Training for tragedy: Scientists heading to Arctic prepare for the unthinkable
Imagine this: You’re a NOAA scientist working in the remote Arctic, responding to an oil spill, when a storm comes through. One of your fellow scientists falls on the frozen tundra and injures her leg, and — to make matters worse — you see a bear steadily approaching in the distance. What’s your plan?
Answers to that question are more is the purpose of Arctic Survival Training held in December at NOAA’s Western Regional Campus in Seattle. Attendees practiced emergency first aid, deployed emergency flares, and were chased by a grizzly – an instructor in a bear suit, thankfully – to hone their predator defense and wilderness survival skills.
For four days, NOAA staff learned to “manage the unexpected.” Specifically:
Finding adequate shelter;
Conserving energy and warmth;
Focusing on the task at hand (one thing at a time!); and
Most important, how to handle stressful situations well.
In one real-world scenario, participants jumped into 48-degree waters of Lake Washington wearing their street clothes and a floatation device in order to mimic an accident one might need to survive in the Arctic.
“That was the thing we dreaded the most,” said Savannah Turner, a health and safety officer for the NOAA Ocean Service’s Office of Response and Restoration, which responds to oil, chemical and hazardous waste spills often in challenging situations.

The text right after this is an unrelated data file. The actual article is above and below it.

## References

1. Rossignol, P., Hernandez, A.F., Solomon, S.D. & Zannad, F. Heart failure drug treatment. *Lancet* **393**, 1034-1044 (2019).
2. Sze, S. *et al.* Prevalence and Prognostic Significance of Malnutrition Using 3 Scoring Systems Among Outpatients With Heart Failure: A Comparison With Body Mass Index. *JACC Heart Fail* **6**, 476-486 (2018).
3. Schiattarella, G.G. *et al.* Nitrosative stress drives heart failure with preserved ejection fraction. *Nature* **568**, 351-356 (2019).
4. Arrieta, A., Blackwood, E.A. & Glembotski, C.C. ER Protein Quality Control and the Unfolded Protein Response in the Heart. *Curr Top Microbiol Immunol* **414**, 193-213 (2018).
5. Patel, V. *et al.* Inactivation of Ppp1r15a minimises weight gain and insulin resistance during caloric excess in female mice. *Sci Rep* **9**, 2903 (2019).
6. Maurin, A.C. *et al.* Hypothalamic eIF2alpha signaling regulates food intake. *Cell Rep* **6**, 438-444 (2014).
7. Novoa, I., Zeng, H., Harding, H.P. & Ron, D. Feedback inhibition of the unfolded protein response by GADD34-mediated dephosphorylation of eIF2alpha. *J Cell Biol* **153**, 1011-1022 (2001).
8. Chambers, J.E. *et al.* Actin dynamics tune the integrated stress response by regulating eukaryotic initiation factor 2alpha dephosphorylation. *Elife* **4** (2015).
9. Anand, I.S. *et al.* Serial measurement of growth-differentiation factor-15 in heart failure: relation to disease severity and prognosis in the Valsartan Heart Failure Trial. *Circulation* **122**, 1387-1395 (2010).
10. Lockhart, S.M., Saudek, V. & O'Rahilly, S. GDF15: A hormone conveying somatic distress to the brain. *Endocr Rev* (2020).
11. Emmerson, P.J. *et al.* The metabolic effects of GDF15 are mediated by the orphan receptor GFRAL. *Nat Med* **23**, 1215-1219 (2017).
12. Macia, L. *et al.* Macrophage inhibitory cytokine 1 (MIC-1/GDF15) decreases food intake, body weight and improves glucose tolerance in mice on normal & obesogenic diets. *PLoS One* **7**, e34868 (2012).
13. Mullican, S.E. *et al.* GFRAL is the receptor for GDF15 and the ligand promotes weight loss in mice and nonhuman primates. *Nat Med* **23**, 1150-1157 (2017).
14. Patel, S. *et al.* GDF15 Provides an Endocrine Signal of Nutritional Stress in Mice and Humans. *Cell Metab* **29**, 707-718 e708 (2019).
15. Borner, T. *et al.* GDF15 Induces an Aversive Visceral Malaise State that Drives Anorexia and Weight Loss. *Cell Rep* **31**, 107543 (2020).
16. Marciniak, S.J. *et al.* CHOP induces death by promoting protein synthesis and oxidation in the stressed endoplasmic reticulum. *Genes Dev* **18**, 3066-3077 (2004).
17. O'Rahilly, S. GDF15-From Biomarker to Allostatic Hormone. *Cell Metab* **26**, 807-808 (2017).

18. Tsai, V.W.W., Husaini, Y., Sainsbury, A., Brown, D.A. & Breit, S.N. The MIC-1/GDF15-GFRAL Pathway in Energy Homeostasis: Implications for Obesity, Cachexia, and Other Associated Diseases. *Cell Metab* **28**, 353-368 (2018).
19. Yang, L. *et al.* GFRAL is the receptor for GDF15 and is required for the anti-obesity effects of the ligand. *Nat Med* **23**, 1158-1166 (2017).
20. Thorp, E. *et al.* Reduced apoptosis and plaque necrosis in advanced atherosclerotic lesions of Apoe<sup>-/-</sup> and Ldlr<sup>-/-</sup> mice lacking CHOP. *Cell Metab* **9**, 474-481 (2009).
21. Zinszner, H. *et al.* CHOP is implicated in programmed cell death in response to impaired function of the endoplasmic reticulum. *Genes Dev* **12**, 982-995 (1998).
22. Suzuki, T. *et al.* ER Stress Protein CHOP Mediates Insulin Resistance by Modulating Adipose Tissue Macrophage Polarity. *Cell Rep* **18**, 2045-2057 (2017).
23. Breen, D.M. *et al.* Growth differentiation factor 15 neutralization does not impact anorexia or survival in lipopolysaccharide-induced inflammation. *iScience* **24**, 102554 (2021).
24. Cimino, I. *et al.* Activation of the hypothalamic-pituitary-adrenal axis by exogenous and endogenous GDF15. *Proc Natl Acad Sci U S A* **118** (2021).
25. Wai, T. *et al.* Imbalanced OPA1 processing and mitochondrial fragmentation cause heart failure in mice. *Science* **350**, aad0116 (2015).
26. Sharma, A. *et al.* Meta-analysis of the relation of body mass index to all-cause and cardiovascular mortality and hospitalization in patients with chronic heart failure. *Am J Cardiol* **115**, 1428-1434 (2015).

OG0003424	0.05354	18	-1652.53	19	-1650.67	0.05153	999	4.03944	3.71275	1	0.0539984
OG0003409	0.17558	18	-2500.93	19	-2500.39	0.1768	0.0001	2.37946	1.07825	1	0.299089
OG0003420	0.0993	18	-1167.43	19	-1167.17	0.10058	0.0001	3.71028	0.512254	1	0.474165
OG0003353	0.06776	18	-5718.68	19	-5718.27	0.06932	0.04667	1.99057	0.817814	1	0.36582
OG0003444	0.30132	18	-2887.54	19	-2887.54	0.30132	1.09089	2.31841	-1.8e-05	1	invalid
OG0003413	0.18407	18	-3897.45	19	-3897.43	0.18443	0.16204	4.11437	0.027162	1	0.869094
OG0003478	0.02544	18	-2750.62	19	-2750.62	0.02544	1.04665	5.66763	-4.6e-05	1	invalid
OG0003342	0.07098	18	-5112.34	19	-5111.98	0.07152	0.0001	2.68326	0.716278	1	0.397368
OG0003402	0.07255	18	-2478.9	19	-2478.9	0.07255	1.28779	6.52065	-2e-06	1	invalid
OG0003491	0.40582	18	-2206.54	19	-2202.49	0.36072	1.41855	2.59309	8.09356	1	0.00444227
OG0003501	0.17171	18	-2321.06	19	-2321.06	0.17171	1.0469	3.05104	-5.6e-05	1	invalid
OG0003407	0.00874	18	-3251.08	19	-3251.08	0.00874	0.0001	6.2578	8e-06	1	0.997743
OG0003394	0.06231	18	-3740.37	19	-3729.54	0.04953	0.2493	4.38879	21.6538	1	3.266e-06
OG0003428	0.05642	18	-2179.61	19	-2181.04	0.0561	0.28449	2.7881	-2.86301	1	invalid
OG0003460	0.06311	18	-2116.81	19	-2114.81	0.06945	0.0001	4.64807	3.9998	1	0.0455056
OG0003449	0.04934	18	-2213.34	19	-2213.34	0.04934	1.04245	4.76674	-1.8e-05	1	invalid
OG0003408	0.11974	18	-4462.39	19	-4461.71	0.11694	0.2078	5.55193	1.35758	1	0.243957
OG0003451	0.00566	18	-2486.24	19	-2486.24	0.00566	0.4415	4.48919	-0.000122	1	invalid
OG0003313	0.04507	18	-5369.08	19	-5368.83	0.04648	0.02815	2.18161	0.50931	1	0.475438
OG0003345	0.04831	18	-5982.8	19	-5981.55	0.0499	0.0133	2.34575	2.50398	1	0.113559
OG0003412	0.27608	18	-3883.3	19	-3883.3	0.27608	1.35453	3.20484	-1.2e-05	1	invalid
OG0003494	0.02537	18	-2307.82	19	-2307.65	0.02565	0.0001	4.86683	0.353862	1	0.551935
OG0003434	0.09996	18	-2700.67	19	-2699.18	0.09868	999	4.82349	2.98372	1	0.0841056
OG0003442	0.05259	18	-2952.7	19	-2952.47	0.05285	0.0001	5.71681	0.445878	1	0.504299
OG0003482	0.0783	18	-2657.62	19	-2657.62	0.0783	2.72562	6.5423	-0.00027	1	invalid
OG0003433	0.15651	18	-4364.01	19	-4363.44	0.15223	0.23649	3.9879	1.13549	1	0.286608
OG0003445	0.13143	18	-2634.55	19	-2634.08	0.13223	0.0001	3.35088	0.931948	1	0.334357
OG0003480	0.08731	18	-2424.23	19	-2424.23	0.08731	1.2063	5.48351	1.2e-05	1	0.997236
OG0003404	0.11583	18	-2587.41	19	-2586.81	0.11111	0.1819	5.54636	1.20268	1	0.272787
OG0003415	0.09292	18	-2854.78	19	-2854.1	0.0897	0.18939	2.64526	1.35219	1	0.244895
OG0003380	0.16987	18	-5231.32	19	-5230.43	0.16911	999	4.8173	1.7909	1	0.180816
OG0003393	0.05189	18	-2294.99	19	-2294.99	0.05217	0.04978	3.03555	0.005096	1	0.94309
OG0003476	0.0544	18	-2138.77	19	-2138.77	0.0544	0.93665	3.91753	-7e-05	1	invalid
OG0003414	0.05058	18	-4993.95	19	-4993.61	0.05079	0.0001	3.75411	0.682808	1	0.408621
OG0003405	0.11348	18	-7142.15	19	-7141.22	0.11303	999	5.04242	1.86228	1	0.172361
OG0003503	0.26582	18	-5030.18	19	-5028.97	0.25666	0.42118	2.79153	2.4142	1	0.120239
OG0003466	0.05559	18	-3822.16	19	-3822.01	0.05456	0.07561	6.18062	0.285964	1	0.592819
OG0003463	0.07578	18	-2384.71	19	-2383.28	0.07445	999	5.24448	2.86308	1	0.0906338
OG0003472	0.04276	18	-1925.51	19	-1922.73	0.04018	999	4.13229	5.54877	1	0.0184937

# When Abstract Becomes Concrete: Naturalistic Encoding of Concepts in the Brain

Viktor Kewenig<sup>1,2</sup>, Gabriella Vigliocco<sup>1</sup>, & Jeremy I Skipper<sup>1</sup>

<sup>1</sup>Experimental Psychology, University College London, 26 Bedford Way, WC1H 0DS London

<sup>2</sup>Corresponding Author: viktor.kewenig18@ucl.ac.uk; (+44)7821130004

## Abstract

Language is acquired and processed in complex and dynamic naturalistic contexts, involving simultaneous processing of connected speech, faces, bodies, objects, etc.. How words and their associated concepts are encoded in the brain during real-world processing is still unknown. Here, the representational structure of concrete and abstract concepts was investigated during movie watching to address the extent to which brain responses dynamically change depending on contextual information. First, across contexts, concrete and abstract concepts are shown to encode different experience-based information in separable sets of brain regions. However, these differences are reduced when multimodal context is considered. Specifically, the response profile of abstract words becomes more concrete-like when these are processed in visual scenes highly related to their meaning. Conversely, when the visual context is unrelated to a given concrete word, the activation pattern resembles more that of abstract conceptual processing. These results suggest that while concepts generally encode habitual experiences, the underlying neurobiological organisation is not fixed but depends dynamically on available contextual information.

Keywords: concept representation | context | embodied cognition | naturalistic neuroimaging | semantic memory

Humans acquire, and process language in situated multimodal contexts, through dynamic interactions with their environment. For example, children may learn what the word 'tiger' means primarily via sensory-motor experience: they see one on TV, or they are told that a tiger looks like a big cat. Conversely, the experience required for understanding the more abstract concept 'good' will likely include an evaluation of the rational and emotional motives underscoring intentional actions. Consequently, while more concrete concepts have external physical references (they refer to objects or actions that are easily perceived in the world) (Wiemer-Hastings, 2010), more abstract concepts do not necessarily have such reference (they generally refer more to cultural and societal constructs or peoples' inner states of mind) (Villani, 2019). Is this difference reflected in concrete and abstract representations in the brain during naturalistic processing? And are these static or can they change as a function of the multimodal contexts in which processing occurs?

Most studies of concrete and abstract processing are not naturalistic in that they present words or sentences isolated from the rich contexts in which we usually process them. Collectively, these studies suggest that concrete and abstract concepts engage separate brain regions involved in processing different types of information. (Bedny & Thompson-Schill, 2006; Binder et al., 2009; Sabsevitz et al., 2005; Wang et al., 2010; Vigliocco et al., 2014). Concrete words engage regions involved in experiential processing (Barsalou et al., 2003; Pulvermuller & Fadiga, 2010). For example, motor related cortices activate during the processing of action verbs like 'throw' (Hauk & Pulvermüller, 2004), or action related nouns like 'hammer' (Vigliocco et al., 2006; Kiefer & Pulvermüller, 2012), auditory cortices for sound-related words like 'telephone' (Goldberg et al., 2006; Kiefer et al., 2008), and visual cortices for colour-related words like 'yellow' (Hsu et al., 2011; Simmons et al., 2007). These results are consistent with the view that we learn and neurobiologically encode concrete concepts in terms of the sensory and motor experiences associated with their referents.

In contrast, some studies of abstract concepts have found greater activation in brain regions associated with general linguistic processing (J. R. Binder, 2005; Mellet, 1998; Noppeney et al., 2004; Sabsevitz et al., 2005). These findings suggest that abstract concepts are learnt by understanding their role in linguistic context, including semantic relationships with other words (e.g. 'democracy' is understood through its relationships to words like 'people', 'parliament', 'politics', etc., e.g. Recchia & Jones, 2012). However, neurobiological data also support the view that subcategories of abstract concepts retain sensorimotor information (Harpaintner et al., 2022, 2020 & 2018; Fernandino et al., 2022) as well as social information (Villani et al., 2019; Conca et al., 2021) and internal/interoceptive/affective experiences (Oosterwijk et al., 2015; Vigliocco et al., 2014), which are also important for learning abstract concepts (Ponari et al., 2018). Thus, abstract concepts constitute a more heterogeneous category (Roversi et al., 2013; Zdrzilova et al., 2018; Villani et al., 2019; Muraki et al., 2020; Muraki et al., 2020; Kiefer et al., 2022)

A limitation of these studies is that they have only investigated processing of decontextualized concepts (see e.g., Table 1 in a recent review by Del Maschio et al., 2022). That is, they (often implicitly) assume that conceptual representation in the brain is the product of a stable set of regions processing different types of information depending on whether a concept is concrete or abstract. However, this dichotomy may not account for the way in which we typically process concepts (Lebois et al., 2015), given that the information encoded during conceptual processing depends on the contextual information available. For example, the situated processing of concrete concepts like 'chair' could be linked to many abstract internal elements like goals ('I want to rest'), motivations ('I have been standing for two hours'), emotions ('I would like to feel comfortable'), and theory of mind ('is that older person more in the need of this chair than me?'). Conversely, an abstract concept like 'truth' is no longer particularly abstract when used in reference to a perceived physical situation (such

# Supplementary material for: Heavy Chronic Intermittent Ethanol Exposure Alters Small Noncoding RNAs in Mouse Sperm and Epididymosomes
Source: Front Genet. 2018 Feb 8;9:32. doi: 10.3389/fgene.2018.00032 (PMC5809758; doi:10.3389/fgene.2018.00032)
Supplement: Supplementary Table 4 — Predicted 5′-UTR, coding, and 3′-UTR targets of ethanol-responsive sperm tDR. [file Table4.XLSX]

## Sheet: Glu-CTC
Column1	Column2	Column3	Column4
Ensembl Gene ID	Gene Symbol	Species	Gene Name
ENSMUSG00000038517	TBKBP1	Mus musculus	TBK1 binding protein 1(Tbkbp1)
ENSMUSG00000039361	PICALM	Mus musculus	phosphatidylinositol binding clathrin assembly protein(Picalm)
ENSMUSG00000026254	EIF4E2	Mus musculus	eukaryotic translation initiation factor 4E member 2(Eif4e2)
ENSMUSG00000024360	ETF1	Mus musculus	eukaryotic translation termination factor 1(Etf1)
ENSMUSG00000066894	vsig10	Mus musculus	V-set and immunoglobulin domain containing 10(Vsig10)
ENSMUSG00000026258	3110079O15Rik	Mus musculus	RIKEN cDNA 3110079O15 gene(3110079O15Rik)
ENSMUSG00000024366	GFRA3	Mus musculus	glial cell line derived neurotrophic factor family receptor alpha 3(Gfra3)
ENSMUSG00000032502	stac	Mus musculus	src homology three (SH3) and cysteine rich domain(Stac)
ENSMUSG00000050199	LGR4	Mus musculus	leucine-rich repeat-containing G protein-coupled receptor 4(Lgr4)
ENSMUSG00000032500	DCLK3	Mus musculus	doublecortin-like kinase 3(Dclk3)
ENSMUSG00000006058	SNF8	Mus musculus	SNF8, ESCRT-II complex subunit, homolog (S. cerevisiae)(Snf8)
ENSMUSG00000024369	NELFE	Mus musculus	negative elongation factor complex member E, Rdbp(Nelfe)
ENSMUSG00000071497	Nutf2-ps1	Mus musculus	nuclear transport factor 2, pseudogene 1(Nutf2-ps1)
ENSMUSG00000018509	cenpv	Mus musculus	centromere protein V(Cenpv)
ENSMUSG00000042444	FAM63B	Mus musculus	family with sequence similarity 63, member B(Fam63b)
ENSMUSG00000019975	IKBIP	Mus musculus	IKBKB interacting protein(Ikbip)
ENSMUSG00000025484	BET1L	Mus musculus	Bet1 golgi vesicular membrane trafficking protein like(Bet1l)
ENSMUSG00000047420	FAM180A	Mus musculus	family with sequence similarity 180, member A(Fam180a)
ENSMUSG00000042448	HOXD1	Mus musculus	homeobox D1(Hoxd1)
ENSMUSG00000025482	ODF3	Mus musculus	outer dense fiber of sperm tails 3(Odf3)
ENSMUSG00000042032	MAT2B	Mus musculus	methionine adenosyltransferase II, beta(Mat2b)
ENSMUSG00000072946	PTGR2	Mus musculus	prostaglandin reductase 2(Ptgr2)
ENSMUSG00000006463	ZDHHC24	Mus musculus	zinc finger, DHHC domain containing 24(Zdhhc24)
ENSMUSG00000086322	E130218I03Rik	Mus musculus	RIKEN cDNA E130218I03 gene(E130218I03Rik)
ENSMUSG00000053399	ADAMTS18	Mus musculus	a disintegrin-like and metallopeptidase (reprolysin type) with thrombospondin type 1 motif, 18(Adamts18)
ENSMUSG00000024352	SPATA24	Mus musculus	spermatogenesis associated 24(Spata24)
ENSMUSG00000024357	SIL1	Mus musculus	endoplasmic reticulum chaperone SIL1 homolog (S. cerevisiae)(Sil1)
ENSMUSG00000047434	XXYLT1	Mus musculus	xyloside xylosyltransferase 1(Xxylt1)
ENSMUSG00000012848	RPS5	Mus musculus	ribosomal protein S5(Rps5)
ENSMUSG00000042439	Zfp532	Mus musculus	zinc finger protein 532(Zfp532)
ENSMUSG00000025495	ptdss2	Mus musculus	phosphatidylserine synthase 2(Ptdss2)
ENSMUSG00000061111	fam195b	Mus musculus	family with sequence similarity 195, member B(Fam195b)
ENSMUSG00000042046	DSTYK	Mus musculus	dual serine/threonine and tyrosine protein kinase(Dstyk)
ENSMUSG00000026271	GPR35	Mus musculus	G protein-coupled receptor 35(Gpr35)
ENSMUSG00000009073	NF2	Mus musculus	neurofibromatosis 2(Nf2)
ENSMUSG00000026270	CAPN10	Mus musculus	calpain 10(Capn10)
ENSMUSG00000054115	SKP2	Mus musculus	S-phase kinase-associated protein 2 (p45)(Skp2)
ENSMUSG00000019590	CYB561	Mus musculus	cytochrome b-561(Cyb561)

“Even though we were only in the water for four minutes, it was painful but worth it. You quickly learn to float by yourself, even though your instinct is to reach out to others. Your reaction is part physical, but also mental and emotional, and the training helps to prepare you for that part as well. You learn to relax, and to focus on comfort and hope in order to survive.”
It’s critical to be prepared for cold water exposure, Turner said, by checking everything you bring along to a field research job, such as flares and radio beacons.
And the training helped her in other ways, too. “You can apply these skills for coping with stress anywhere, even in an office job,” said Turner.
Hopefully without any hungry bears bearing down on your cubicle.